The manufacturing industry is at the heart of the American economy. And yet, many Americans believe it is on the decline as jobs are outsourced overseas and technology is integrated into our work lives.
Its negative reputation is compounded by the perception that manufacturing jobs are seen as low-paying, unskilled and unsafe.
As a result, there is a widening skills gap within the industry as workers retire and, based on their misconception, the next generation of potential employees choose to pursue other career fields.
How can we recover when the next generation of talent has major misconceptions about the entire industry?
4 Common Misconceptions within the Manufacturing Industry
Technology is taking over the industry
It’s not a safe environment in which to work
There are no career opportunities
The salary is not competitive
Many younger workers don’t want to join the trades based on their perception of what the job entails, and what they think the job says about them. Many think of manufacturing as an obsolete industry which has been outsourced overseas or made irrelevant by technology.
They may feel trapped by the conventional thinking to acquire a four-year degree, and dismiss trade or vocational schools as an option. Some may view production floor work as unsafe, unstable, low-pay and low-tech. That just isn’t true.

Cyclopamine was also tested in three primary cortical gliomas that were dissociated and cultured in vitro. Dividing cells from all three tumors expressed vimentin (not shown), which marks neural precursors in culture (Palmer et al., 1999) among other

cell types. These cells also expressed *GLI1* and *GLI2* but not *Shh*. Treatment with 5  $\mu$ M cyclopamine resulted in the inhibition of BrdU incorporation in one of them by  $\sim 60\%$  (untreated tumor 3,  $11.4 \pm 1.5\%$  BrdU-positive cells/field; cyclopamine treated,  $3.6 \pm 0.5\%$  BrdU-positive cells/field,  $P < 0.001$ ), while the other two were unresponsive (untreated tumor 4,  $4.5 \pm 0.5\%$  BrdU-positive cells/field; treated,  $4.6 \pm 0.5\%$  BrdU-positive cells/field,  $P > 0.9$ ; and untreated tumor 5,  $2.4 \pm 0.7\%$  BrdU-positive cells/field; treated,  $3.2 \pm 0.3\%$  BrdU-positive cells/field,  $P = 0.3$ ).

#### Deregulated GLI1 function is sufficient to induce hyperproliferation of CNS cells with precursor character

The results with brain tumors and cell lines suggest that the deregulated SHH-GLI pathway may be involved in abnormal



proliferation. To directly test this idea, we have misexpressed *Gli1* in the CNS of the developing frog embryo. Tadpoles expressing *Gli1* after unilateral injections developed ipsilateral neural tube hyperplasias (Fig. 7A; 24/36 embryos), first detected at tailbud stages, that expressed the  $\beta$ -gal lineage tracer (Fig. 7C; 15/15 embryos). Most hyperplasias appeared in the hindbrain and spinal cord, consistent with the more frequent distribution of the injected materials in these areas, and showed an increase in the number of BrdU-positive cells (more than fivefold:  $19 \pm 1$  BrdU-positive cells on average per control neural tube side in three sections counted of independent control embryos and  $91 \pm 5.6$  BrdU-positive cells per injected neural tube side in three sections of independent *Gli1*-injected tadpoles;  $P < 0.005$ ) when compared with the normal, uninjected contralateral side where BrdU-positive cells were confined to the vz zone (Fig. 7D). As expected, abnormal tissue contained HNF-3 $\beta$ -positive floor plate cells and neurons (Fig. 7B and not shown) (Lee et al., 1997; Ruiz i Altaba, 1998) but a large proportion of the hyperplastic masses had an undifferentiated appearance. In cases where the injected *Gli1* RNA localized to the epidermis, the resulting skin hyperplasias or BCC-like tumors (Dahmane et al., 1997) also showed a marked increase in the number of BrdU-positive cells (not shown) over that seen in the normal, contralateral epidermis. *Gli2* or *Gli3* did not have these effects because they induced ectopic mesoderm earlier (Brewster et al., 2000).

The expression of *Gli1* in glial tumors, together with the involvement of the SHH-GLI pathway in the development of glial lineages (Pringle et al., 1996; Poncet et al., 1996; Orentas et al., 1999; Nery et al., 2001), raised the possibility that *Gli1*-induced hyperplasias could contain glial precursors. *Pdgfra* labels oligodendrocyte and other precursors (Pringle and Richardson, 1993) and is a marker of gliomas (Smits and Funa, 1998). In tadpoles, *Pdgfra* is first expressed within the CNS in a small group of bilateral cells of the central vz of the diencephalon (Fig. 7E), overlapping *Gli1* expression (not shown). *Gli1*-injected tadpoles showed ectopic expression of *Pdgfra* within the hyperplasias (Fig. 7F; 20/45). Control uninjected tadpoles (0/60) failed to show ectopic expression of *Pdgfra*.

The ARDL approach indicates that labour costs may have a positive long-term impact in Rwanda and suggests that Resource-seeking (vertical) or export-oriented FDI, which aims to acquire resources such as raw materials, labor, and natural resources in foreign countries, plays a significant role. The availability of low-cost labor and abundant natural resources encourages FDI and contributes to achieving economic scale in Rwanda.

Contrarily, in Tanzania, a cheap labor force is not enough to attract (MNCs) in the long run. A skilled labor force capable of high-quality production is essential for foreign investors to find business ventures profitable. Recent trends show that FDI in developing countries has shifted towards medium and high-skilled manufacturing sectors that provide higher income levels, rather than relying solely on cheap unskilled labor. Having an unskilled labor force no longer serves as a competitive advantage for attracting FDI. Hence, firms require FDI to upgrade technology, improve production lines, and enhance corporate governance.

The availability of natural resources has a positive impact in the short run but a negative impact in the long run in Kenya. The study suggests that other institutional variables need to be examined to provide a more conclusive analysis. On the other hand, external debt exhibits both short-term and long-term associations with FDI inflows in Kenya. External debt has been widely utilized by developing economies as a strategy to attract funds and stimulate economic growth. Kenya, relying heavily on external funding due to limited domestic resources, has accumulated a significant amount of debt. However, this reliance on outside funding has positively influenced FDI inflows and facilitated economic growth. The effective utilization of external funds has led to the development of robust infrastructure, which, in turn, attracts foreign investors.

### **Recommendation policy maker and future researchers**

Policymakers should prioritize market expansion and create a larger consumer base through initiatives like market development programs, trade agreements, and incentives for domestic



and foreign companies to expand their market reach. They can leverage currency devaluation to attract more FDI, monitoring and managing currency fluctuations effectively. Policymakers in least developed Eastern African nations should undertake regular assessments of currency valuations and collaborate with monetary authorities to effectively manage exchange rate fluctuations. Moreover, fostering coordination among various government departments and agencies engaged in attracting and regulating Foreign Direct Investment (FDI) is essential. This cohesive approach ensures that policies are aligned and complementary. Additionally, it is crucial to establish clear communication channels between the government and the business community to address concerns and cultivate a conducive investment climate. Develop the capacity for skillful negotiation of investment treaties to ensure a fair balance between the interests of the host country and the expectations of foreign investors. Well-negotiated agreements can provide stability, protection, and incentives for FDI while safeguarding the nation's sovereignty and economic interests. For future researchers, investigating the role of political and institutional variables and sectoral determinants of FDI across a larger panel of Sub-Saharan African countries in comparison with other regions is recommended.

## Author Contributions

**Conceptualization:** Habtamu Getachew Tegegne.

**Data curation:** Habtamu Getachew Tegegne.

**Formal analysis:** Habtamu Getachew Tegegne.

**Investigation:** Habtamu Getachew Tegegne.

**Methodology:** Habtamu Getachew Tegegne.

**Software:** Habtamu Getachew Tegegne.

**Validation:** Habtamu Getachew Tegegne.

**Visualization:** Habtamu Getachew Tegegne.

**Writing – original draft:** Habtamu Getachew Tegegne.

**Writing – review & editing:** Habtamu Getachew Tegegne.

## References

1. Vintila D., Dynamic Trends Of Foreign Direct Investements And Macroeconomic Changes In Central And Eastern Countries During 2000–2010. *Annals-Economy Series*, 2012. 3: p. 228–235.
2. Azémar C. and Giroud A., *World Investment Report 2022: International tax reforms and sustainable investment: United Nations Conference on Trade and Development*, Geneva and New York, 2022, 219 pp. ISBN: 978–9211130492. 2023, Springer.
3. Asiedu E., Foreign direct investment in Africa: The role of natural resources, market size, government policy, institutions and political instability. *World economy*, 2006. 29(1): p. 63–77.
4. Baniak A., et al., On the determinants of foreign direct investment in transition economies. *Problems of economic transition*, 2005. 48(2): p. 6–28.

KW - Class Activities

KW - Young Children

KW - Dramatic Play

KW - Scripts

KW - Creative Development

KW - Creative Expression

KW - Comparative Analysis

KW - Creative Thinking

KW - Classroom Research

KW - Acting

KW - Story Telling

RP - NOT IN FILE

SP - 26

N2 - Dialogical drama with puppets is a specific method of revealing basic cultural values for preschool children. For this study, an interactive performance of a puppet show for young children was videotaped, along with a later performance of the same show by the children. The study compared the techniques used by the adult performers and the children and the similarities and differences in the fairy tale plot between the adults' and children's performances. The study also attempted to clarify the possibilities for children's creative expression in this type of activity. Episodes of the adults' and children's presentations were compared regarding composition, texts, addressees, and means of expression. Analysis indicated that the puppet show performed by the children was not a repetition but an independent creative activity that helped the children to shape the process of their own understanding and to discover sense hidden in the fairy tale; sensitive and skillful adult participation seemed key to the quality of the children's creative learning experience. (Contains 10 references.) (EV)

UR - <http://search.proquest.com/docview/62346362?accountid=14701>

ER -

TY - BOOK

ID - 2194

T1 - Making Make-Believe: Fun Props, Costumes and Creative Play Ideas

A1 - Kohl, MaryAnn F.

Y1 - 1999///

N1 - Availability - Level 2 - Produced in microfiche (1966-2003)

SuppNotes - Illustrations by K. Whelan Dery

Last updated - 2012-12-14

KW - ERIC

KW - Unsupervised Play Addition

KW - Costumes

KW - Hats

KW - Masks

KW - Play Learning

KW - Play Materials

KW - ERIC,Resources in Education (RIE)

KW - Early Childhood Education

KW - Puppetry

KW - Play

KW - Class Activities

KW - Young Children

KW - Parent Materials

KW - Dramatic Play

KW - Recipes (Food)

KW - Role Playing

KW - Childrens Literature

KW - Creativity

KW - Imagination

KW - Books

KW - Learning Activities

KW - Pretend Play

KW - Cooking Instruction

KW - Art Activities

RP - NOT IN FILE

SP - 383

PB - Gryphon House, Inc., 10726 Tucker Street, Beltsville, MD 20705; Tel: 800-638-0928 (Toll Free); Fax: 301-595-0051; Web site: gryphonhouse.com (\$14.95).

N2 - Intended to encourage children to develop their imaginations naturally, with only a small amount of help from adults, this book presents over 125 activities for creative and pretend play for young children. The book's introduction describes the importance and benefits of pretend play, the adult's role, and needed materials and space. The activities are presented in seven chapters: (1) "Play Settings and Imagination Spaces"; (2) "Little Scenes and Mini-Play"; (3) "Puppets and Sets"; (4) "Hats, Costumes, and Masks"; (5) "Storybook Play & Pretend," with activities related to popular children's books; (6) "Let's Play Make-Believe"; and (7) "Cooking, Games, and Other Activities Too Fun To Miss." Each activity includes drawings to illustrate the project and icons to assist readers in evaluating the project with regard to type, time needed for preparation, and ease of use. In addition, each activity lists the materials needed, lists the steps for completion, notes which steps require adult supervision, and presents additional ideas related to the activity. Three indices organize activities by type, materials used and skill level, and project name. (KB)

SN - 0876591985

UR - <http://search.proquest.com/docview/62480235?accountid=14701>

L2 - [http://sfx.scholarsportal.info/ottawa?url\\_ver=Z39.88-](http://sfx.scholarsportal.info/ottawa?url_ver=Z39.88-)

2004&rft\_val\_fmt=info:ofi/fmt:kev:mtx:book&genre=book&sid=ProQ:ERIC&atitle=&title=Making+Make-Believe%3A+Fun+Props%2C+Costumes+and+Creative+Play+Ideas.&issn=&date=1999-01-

Technology is Taking Over the Industry
While artificial intelligence, cloud computing and machine learning have altered the manufacturing landscape, people are still responsible for producing most goods.
Today’s manufacturing floors are bursting with advanced technologies and require a high-level of skill and training.
The need for the human touch, oversight, critical thinking and intuition will never be replaced.
It’s Not a Safe Environment in Which to Work
Take a look around any modern manufacturing floor and you will find a clean, safety-conscious environment.
The Occupational Safety and Health Administration was created in 1970 to “ensure safe and healthful working conditions for workers.” Workers also have expanded rights under OSHA and many are protected under a labor union.
Ensuring the safety of employees is not only required, it also reduces disruptions to productivity and curbs against profit loss.
Companies make substantial investments to mitigate safety hazards in the workplace. In 2019, manufacturing had only 3.3 total workplace injury and illness cases per 100 full-time equivalent employees, down from 4.2 injury and illness cases in 2010.